Call to boycott Israeli goods over occupier's refusal to disburse millions in tax revenues may lend weight to activists' efforts for international bans and sanctions.
Palestinian boycott call unlikely to trouble Israeli trade
RAMALLAH // A call by the premier of the Palestinian Authority (PA) to boycott all Israeli goods is unlikely to have much effect in the West Bank where Palestinian businesses and supermarket shelves are awash with Hebrew-language 'Made In Israel' labels.
But there are some who don't blame Salam Fayyad for his boycott pronouncement on Sunday, in response to Israel's refusal to disburse millions of dollars in tax revenues desperately needed by the PA's cash-strapped economy.
"Right now, it won't work," said Naser Abdelkarim, professor of financial economics at Birzeit University, just north of the Palestinian Authority administrative capital of Ramallah.
"The big question is whether we have the ability to do this now, regardless of we would like to do it," Mr Abdelkarim said. "And of course whether this step will have political consequences from Israel - that is, the Israeli reaction."
Israel's has criticised the boycott call, saying it would not advance peace and reconciliation, said Marg Regev, spokesperson for the Israeli prime minister, Benjamin Netanyahu.
"By boycotting Israel, they [Palestinians] are not doing the cause of peace or the Palestinian people any favours," he said.
About 70 per cent of all Palestinian imports are either goods made in Israel or those handled by its agents and wholesalers. Israel, due to economic agreements from the 1990s-era Oslo Peace Accords, controls the flow of all goods destined for Palestinians because of its stranglehold over borders, customs issues and tax collection.
In essence, the Palestinian economy may be too dependent on its occupier.
Israel's decision to withhold some US$100 million (Dh367m) of monthly tax revenue collected on behalf the PA was in retaliation for the Palestinians' successful bid to win non-member-state recognition in the United Nations last month.
Avigdor Lieberman, the Israeli foreign minister who has since resigned his post, warned his country would continue to withhold the tax cash until March.
Instead, Israel said it will use the money to help pay off Palestinian debts to Israeli institutions, such as the electricity company that supplies many West Bank Palestinians with hydro.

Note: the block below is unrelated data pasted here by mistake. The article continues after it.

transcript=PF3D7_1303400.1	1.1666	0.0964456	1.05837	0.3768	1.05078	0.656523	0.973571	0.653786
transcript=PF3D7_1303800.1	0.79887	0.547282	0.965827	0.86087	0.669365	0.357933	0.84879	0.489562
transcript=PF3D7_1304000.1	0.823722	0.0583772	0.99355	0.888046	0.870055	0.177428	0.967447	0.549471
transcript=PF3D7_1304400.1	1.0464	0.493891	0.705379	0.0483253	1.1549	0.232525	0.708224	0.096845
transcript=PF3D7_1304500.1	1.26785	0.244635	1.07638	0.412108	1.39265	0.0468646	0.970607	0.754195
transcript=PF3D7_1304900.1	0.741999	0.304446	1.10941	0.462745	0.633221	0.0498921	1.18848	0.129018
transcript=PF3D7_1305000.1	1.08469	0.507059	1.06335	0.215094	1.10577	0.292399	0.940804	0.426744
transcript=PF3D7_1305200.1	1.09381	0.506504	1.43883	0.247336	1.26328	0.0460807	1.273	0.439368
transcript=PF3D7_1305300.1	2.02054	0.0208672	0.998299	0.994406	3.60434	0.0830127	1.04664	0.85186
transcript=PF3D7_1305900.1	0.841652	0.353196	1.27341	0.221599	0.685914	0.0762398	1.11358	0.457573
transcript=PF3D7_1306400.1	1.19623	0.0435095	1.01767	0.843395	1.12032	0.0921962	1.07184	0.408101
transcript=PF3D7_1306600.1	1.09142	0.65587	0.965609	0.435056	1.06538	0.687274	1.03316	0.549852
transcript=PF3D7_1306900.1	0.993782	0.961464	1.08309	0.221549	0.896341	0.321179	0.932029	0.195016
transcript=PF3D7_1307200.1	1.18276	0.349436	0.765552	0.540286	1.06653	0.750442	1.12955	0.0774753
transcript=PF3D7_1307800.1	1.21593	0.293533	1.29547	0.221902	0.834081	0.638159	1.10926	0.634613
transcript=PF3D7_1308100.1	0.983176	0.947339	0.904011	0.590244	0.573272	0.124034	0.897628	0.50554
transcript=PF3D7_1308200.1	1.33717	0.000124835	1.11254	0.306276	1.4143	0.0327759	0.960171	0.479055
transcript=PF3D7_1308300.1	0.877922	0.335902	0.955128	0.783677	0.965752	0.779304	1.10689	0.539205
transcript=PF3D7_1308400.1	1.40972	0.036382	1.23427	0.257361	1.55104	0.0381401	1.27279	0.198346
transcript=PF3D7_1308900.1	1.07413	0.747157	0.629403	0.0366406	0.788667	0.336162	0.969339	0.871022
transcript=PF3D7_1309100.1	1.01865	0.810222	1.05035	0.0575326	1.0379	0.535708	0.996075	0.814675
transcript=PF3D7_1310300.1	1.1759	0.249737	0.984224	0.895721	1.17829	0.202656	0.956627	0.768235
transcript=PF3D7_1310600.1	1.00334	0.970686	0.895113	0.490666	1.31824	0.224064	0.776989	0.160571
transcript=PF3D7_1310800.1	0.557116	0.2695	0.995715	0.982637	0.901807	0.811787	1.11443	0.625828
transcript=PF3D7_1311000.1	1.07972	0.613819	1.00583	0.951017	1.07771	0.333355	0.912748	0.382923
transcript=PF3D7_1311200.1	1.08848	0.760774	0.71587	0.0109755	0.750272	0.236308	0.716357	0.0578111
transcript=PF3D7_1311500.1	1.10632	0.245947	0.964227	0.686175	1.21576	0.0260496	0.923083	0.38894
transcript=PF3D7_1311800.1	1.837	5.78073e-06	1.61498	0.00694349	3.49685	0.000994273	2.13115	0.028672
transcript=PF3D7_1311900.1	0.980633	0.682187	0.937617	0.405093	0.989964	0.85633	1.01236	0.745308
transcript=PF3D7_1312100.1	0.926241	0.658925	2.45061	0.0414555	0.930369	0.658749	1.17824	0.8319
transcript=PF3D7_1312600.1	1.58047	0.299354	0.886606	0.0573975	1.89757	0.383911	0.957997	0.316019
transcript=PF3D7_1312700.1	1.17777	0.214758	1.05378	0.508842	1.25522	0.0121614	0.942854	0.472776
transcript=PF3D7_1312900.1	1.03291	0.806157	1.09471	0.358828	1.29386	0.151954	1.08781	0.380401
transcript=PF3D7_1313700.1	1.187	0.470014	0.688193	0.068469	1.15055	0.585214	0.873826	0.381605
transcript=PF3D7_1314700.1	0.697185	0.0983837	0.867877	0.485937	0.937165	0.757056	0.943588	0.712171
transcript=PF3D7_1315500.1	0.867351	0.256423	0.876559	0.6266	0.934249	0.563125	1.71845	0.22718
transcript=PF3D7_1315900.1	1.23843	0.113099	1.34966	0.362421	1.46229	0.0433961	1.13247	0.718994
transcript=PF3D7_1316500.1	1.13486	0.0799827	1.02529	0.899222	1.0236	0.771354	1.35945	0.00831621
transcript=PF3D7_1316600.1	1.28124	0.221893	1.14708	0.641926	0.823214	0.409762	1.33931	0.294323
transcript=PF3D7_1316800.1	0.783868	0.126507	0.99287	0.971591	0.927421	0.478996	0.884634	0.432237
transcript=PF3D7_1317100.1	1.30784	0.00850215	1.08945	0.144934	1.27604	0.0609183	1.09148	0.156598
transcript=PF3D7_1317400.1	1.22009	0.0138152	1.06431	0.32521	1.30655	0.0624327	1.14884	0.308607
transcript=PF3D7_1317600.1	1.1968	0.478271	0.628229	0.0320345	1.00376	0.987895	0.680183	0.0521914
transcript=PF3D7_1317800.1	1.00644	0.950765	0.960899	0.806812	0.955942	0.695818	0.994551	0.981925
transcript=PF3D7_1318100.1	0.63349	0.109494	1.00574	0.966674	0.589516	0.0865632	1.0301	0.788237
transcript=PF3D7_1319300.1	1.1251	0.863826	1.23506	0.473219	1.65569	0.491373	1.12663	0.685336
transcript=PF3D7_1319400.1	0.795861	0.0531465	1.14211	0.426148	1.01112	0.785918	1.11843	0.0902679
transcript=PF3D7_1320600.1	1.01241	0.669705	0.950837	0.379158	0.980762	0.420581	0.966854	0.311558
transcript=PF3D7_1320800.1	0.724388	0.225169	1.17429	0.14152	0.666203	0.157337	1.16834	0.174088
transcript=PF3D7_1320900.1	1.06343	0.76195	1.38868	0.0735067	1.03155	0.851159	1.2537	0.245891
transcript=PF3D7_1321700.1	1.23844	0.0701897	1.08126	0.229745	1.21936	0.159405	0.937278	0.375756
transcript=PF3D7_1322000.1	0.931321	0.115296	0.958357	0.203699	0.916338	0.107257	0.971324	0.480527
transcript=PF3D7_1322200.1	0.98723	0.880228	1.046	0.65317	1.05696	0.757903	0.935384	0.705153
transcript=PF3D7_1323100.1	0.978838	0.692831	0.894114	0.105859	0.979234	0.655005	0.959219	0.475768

The drop in tax revenue will mean no salary payments for the PA's nearly 150,000 employees whose disgruntlement with the economic crises helped fuel protests across the West Bank against Mr Fayyad and his government in September.
"We are trying to prevent the collapse of the Palestinian Authority," Mr Fayyad said in Ramallah on Sunday, admitting that his boycott call violated economic agreements struck with Israel.
But he retorted that "the Israeli government is working against" these arrangements by not handing over Palestinian taxes, adding that his government now needed $240m in monthly funding to function.
The PA has faced intensifying financial and political pressure in the past year because of a shortfall in pledges by donor states and obstacles, such as checkpoints, imposed by Israel's 45-year-old occupation.
Israel's main ally, Washington, also played a role in the financial crisis. It withheld some US$200 million in aid last year after the Palestinians acceded to the UN's education, scientific and cultural organisation, UNESCO. In April, US officials said they would restore most of that money.
The Arab League announced this month it would step in with US$100 million in emergency aid to PA.
Both the International Monetary Fund (IMF) and World Bank warned in September of a worsening crisis in the face of Israeli obstacles and a shortfall in promised aid money, primarily from Arab countries. The PA budget deficit for 2012 reached $1 billion in August.
Nour Odeh, the PA spokeswoman, confirmed the boycott call by Mr Fayyad, himself a former IMF economist, was the first time he had called for a boycott of all Israeli goods, not just ones made in the West Bank. She called it a necessary response to Israel's tax punishment. "This kind of step needs to be confronted," she said.
Ms Odeh also acknowledged the difficulty of a full boycott of Israeli goods, saying it "might not be possible immediately seeing as there are certain products most likely to be irreplaceable".
While Mr Fayyad's call was "voluntary", she said his government was looking at ways to make it obligatory.
In 2010, the PA imposed an obigatory boycott on Israeli settlements and their products, threatening those who work on them or buy their produce with fines and even jail time.
But it never gained much traction because so many Palestinians work on settlements and the boycott lacked enforcement.
Mr Fayyad's boycott may, however, lend credibility to activist efforts in occupied Palestine and abroad for international boycotts, divestment and sanctions, known as BDS, against Israel.
PA officials have stopped short of supporting full-blown BDS measures, which include everything from discouraging companies from working in Israel to putting pressure on musicians to refuse to perform there. Israel considers BDS a threat to its legitimacy as a state.
"We welcome this and any boycott call against Israel," said Halla Shoaibi, a Palestinian activist in Ramallah.
"All of Israel should be held accountable, not only the settlements," he added.